Community Economic Development
A Professional Development Series for UW-Extension Faculty and Staff
Community economic development has been a focal point of Extension educational programming for over 35 years and remains critical to the Mission of Cooperative Extension and the University of Wisconsin. Extension educational programming in community economic development can take many forms from facilitating community discussions to providing technical economic analysis on a particular issue. The comfort level amongst UWEX faculty and staff in community economic development, however, is mixed. For some community economic development is a focal point of their programming and is very comfortable with a range of situations. Others are less comfortable and are unsure of what community economic is, and is not, and the roles that they can plan.
This website is aimed at providing all UWEX faculty and staff with professional development opportunities in community economic development. This website could be viewed as a starting point for those who are less comfortable with community economic development or a place for more advanced training in how local economies function. Alternatively, one could think of this website as a “one-stop center” for training and educational materials on community economic development.
There are three sets of materials for each topic area: (1) a powerpoint presentation (pdf); (2) accompanying factsheets (pdf); and (3) supplemental readings (pdf). Unfortunately, because so many of the supplemental readings are subject to copyright restrictions, they cannot be placed on a public website. To provide access all materials here plus the supplemental readings will be made available on a password protected Desire2Learn (D2L) site that is still under development. In addition to inclusion of copyrighted materials, the D2L site will allow for questions, comments and discussions.
The materials are grouped into specific topic areas:
* Introduction: What is Community Economic Development?
* A Systems Approach to Community Economic Development
* The Roles that Practitioners and Extension Educators Can Assume
* An Introduction to Location Theory
* Economic Growth Theory: An Introduction
* Data Analysis
* Community Economic Development Strategies
There is a second page to this website that has all of the support reading materials. It is is password protected for the copyrighted materials and you will need to contact me (firstname.lastname@example.org) for the password.
Introduction: What is Community Economic Development?
“Community Economic Development” is a merger of “community development” and “economic development”. Community development is traditionally thought of as focusing on building the social and political capital of communities through community organizing and the building of local institutions (leadership, business associations, effective government, community organizations, etc.). Economic development is focused on creating an environment that is conducive to economic opportunities. Often times this is narrowly thought of as job growth; but economic development is much broader.
A Systems Approach to Community Economic Development
Two approaches or ways to think about community economic development through the lens of systems “thinking” are outlined. The first is the Shaffer Star which points to the community’s resources (land, labor, capital including both built and natural), markets (a capitalist economy), rules (laws), society (acceptable behavior), decision-making (being about to get to the root of a problem) and space (the community is part of a larger economy). The second is the community capitals framework as suggest by Nel and Jan Flora. The Floras argue that there are seven capitals: financial capital, political capital, social capital, human capital, cultural capital, natural capital and built capital. Viable communities require investments in each of these capital. There is significant overlap between the Floras’ community capitals and the Shaffer Star and both provide a framework to think about the community as a system.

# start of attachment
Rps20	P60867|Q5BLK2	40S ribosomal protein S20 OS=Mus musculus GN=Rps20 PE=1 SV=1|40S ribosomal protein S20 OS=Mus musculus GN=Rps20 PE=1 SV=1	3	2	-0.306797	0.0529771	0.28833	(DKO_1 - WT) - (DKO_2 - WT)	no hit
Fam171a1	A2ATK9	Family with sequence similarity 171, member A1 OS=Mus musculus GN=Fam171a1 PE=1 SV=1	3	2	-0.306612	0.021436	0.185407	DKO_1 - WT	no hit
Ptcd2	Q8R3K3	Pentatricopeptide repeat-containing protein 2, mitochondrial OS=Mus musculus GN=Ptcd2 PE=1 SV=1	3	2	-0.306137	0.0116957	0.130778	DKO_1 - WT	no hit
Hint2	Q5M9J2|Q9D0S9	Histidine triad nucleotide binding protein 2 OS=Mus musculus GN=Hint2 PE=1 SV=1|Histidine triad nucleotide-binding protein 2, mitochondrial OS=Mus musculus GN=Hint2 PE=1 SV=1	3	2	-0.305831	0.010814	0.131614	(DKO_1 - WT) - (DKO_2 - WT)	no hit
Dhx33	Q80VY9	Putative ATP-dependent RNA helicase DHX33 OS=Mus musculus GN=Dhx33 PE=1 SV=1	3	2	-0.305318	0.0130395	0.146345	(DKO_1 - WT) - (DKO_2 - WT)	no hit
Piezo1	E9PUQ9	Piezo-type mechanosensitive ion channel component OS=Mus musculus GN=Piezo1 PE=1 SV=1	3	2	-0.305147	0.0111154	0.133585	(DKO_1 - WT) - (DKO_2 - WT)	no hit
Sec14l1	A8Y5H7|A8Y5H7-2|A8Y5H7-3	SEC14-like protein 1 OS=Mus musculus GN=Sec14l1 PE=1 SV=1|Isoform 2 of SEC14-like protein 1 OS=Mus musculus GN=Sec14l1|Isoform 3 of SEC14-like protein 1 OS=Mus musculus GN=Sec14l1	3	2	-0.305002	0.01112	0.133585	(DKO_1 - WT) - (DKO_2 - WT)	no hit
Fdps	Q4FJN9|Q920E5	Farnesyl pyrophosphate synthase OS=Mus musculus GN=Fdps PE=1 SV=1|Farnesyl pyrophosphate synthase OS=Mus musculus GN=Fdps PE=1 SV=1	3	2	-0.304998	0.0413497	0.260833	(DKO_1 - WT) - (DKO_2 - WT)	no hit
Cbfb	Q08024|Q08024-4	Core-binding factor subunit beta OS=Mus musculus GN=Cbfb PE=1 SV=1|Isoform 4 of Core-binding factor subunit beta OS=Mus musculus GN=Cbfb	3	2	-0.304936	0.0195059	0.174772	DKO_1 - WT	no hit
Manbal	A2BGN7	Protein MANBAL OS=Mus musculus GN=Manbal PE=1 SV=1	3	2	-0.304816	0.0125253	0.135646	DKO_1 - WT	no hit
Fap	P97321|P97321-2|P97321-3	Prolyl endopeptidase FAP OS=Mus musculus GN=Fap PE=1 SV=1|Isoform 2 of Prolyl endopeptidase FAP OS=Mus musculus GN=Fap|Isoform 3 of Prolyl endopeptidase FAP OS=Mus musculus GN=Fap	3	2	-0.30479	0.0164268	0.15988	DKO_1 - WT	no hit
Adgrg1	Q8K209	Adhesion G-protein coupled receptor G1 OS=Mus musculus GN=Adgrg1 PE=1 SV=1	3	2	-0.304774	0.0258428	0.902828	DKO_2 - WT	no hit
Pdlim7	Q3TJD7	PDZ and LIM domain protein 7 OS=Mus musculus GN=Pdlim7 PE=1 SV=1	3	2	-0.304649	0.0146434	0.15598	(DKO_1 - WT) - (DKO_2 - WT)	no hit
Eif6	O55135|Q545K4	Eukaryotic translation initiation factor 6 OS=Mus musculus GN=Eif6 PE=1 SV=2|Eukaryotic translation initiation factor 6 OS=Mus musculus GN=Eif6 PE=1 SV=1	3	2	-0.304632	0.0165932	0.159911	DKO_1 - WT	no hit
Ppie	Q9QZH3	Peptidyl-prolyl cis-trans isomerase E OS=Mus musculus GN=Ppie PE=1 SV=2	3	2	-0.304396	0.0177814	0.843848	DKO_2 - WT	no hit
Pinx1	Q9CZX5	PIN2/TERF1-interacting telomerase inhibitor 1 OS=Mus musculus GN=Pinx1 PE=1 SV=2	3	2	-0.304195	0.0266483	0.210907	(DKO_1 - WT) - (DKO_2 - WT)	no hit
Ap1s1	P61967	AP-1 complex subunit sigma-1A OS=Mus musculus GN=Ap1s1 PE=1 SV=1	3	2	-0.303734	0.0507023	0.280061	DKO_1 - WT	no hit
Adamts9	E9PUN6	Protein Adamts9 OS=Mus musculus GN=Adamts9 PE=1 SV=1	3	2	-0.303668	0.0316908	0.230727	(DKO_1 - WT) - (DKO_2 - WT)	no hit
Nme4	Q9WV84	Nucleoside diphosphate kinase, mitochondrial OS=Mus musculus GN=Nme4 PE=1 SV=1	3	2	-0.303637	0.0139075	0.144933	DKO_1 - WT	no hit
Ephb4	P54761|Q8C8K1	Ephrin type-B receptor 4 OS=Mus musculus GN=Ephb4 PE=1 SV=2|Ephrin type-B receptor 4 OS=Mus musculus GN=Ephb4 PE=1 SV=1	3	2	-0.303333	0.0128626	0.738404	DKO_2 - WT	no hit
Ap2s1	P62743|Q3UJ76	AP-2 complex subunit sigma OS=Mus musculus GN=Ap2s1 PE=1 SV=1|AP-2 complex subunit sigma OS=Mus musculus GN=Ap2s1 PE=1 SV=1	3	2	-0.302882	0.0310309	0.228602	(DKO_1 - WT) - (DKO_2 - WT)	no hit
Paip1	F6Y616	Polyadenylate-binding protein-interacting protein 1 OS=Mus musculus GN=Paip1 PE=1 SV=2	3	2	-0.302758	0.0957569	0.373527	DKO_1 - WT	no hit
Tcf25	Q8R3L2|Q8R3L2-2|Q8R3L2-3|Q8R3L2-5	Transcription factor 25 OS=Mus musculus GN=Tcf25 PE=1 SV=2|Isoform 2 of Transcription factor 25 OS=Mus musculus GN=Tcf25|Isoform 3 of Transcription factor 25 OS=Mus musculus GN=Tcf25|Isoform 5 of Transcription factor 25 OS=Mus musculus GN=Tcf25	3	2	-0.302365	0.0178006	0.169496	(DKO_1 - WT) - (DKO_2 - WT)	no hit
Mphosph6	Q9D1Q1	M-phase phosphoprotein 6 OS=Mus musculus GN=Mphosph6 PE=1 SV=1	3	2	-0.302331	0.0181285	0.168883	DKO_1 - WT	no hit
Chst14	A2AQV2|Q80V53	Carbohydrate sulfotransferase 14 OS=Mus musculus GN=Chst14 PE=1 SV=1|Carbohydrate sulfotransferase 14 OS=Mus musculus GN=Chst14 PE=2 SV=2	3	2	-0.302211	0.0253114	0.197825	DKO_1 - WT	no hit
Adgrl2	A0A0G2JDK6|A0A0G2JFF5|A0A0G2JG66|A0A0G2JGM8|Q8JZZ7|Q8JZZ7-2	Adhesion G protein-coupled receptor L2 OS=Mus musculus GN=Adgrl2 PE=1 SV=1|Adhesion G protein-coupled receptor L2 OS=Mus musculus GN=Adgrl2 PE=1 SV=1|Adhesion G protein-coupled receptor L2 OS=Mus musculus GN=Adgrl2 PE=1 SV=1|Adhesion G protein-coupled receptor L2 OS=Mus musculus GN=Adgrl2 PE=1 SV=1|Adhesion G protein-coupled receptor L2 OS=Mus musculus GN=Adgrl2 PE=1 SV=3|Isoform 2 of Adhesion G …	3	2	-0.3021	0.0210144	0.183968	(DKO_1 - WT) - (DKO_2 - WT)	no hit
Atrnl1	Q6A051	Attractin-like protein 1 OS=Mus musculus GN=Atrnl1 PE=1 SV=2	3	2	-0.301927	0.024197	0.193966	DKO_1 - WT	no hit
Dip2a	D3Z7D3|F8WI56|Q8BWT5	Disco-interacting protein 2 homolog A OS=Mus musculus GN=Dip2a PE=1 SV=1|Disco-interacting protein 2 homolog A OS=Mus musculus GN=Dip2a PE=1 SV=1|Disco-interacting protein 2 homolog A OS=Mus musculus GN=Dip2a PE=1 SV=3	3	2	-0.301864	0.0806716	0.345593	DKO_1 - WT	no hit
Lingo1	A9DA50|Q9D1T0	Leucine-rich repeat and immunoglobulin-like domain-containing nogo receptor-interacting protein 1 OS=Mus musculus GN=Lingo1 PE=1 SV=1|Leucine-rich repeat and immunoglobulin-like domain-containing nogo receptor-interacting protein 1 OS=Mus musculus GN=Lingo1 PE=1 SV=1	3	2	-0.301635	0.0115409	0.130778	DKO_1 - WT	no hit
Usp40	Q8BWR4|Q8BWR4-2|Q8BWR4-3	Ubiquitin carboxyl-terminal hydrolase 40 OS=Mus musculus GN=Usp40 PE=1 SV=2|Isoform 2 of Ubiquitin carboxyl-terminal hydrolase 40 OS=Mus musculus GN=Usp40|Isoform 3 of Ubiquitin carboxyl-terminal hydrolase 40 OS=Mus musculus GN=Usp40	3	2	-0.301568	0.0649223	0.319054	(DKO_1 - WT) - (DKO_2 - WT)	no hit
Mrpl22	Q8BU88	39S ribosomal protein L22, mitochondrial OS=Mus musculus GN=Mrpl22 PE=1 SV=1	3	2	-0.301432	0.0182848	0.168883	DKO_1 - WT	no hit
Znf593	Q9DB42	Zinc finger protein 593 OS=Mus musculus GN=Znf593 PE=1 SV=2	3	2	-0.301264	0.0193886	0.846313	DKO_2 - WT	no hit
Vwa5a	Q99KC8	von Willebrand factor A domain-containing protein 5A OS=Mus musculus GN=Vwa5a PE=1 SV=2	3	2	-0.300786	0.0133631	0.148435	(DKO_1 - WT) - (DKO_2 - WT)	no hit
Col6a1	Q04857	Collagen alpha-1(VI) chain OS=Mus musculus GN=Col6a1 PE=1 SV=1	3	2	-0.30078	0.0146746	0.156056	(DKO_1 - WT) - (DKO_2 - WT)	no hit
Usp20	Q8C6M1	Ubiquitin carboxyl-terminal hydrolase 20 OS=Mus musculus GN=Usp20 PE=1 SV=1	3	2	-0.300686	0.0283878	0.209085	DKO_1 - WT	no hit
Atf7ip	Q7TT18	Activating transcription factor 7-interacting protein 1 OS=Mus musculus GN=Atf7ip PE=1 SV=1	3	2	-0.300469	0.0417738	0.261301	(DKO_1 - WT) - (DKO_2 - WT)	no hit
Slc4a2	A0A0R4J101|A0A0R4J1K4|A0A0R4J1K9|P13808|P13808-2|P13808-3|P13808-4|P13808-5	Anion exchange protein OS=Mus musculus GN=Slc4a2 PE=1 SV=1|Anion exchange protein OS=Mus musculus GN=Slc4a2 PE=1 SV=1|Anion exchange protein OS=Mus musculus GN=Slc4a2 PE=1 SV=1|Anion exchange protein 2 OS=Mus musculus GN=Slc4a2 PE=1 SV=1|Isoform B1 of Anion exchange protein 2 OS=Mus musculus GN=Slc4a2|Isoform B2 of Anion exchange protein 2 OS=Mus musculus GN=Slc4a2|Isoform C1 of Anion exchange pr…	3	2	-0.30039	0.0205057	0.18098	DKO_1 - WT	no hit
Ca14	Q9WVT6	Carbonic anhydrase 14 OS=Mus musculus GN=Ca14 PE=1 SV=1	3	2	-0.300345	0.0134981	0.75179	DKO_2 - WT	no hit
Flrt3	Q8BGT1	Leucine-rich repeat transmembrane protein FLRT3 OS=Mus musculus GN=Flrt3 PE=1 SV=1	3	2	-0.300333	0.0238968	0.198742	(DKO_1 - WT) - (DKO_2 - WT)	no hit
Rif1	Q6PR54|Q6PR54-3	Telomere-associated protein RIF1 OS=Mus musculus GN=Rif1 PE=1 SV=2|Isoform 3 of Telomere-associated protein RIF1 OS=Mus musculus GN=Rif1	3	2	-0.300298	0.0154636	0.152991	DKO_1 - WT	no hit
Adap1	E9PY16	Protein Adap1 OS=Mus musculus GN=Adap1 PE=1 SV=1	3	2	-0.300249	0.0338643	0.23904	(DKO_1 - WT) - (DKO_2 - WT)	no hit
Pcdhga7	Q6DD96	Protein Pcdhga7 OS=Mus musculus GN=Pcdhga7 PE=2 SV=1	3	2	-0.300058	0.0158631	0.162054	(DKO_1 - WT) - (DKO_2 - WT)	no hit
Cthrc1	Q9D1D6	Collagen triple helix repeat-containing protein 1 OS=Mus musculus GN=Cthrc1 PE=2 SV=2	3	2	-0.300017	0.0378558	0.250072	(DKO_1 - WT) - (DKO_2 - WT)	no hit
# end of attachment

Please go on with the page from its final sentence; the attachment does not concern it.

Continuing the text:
- The Shaffer Star: Markets, or Supply and Demand
- The Shaffer Star: Decision-Making
- The Shaffer Star: Society
- The Shaffer Star: Rules
- The Shaffer Star: Resources
- The Shaffer Star: Space
- Export Base Theory and the Shaffer Star
- Community Capitals: Social Capital
- Community Capitals: Natural Capital
- Community Capitals: Built Capital
- Community Capitals: Human Capital
The Roles that Practitioners and Extension Educators can Assume
One of the challenges that Extension Educators face is the identification of the role(s) that they can assume in community economic development. As an educational institution the primary role is that of an educator with the ultimate goal of “helping communities make more informed decisions”. Helping the community “make decisions” is process oriented and facilitation of community discussions is a clear role, but is not the only role. The educator can assume the role of leader, organizer and cheerleader, among others. “More informed” decision requires bringing research based knowledge to the table. The educator does not have “the answer” but rather the necessary information for the community to make the most effective decision. The ability of the community to make those decisions and move forward is at the heart of the Shaffer Star decision-making node.
An Introduction to Location Theory
In order to fully understand the options that are available to communities in terms of community economic development it is imperative that one understands the location decisions of businesses. Why some types of businesses locate here and not over there is a basic question that needs to be understood before effective community economic development strategies can be formulated. The materials presented in this section are rather lengthy and could appear overly complex. We walk through the thinking of location theory from the early days of von Thünen and land use patterns to neoclassical location theory in the spirit of Weber, then walk through some alternative ways of thinking about location theory and we end with a review of Porter’s notion of economic clusters. Along the way we talk about the policy implications of the theories and simple empirical tools that can be used to help communities think through their options.
The powerpoints are broken into three parts:
Powerpoint Part I: Land Use, City Size and Introduction to Neoclassical
Powerpoint Part II: Demand Maximization Approach (Best for retail, personal services and some business services)
Powerpoint Part III: Alternatives to the Neoclassical View and Porter’s Notion of Clusters
Classics in Location Theory